Sometime ago, I was listening to NPR as I was driving home, and I heard the writer Anne Lamott give an interview about what Easter means to her. She said that Christians are Easter people living in a Good Friday world. That phrase has always stuck with me – Easter people living in a Good Friday world. What does that mean? It means we live in a world that is often difficult and tragic, a world where there is a great deal of death and destruction. Thirty seconds of video from the shooting that took the lives of three children and three adults at the Covenant School is enough to convince us of that. But despite the tragedies that happen in places like Nashville, or the war that is devastating lives in Ukraine, or the diseases that lay low the people we love – we believe that God has not given up on the world. We believe that contrary to appearances, death doesn’t have the final word, God in Christ has the final word.


Being an Easter Christian means holding on to the promise that resurrection changes everything. As Rob Bell once said, resurrection announces that God has not given up on the world because this world matters – this world full of dirt and danger, strife and struggle. Resurrection announces that what we do with our lives matters, every act of compassion matters, every work that celebrates the good and true matters, every fair and honest act of business and trade, every kind word matters because they all contribute to God’s work of redeeming this Good Friday world.1 And because death does not have the final say, none of the good we do can ever be lost, or forgotten, or wasted – it all has its place because the tomb is empty, because of resurrection.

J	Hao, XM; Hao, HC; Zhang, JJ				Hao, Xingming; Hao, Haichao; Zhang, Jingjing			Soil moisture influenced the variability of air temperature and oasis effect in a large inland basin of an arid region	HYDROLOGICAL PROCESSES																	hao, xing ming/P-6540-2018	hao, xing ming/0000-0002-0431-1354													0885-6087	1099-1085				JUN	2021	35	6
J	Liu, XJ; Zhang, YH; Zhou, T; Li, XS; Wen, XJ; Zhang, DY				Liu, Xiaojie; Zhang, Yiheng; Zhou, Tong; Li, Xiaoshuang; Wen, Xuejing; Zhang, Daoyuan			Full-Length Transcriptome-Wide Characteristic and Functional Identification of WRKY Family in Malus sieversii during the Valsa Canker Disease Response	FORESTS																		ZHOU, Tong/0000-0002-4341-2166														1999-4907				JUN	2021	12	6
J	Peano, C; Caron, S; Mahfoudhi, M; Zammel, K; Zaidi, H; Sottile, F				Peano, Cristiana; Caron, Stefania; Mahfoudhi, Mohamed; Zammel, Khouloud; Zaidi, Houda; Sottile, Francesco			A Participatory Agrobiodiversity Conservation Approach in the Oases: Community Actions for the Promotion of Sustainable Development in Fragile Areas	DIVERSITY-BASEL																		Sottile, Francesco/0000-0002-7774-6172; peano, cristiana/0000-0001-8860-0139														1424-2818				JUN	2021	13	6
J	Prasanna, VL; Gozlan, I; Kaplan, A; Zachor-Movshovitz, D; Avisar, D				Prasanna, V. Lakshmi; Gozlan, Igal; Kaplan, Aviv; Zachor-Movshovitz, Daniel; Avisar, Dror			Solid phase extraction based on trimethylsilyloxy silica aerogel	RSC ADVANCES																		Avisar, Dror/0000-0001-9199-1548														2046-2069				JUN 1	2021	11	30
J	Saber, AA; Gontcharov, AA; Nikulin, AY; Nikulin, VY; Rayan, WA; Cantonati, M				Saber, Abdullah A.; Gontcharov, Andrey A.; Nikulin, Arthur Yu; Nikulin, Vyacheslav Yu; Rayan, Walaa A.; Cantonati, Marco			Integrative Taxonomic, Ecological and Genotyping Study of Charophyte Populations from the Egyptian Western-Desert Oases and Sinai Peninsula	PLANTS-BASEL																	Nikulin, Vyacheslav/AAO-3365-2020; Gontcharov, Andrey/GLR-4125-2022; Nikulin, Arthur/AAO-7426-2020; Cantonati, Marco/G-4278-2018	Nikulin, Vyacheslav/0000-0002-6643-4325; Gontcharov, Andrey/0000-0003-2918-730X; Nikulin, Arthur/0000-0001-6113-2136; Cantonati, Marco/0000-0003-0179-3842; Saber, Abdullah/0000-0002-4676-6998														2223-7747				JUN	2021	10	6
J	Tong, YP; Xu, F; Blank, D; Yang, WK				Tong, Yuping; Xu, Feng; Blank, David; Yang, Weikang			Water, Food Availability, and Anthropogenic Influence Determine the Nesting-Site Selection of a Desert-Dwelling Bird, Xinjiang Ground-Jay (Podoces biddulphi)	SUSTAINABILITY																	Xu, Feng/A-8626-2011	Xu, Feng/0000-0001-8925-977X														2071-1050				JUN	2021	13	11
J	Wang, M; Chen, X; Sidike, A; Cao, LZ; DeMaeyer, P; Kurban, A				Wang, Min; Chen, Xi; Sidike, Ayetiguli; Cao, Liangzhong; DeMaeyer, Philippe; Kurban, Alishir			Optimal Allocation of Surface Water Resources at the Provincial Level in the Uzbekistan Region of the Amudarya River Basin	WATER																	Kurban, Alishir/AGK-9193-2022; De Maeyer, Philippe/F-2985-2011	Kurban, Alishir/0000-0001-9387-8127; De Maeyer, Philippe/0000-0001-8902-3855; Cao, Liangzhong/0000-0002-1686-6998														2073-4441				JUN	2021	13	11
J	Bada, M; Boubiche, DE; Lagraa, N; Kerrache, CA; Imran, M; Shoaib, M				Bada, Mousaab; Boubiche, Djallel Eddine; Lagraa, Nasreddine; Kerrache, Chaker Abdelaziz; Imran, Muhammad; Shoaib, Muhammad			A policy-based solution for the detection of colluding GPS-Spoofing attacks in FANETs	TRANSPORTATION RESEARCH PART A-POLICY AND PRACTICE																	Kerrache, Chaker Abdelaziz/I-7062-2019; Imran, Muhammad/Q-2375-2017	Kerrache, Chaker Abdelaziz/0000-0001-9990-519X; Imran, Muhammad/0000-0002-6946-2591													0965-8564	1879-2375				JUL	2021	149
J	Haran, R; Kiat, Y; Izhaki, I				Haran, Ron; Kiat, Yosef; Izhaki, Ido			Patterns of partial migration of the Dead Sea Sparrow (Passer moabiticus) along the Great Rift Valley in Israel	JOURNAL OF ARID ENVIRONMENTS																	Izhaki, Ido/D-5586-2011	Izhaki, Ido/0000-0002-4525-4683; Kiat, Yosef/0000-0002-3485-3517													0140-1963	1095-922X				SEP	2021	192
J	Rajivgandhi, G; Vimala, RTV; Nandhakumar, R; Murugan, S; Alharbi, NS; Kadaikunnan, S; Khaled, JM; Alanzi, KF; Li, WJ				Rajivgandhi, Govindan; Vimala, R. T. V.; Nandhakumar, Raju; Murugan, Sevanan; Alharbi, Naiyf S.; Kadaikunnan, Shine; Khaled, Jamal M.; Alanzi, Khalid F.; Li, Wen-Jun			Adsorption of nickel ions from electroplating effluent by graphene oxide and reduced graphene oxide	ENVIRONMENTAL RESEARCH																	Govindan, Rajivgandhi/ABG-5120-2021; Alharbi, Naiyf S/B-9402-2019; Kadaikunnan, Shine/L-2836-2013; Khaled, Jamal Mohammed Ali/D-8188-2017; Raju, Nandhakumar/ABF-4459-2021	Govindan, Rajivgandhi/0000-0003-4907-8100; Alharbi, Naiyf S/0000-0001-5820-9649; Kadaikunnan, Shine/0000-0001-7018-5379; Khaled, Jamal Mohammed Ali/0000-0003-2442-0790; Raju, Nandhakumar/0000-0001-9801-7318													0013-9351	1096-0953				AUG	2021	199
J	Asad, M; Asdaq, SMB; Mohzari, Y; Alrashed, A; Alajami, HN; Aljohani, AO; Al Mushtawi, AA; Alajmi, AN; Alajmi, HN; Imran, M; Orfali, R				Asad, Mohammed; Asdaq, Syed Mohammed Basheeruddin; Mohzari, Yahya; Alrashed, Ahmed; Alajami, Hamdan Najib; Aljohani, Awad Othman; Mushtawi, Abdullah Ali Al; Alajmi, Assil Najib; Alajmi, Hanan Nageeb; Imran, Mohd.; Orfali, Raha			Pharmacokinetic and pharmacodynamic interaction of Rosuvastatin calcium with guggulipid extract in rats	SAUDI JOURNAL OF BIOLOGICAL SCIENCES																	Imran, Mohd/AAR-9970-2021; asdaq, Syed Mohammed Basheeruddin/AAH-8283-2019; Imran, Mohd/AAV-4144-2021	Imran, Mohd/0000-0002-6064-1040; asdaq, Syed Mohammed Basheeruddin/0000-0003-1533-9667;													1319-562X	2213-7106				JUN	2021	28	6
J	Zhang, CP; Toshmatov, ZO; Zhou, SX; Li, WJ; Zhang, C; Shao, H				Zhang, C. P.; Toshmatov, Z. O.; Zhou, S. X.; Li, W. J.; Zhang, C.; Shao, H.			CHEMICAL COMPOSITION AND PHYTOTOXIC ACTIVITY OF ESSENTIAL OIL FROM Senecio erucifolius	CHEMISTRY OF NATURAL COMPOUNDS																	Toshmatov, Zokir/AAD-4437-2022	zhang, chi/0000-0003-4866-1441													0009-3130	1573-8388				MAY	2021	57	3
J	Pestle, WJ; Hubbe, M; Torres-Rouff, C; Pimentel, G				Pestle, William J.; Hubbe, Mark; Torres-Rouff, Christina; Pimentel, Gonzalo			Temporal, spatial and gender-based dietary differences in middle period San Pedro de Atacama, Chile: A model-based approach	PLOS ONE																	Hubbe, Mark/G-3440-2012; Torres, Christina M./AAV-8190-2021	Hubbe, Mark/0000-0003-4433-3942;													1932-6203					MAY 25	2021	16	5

Tonight, is a time to rejoice. A moment to breathe a sigh of relief, a time to rekindle hope. It is a night to reaffirm our faith that God loves us far too much to ever let us go. As Victor Hugo once wrote, “The tomb is not a blind alley; it’s a thoroughfare. It closes on the twilight; (but) it opens on the dawn.”

For those of us who claim the message of the empty tomb as our own, who find good news in the promise of Easter, our job is to live in such a way that the miracle of this night can be seen in our lives. Remember, when you forgive your enemy, when you feed the hungry, when you defend the weak – you proclaim the resurrection. When you work to repair broken relationships, when you sacrifice for the sake of others, when you take time to support a friend – you proclaim the resurrection. When you stand up for the truth, when you refuse to compromise your integrity, when you love the unlovable – you proclaim the resurrection. This is our job as Christians – to declare with our lips and live with our lives the hope of Easter in a world, where for many, hope can be difficult to find.

God raised Jesus from the dead as surely as I am standing here – that’s what I believe. And the living Christ walks among us all the time, right now, right here, this instant.

In the words of my favorite American song writer, Mr. John Prine – Just give me one thing that I can hold onto, cause to believe in this livin is just a hard way to go. Well, I’ve found my one thing. The tomb is empty – Christ is risen. Go and find him for yourself, go and bear your own witness. Go and seek him among the living and in so doing you will find yourself and the gift of eternal life as well. Amen.


1 Rob Bell, “Resurrection”


The Very Rev. Randolph Marshall Hollerith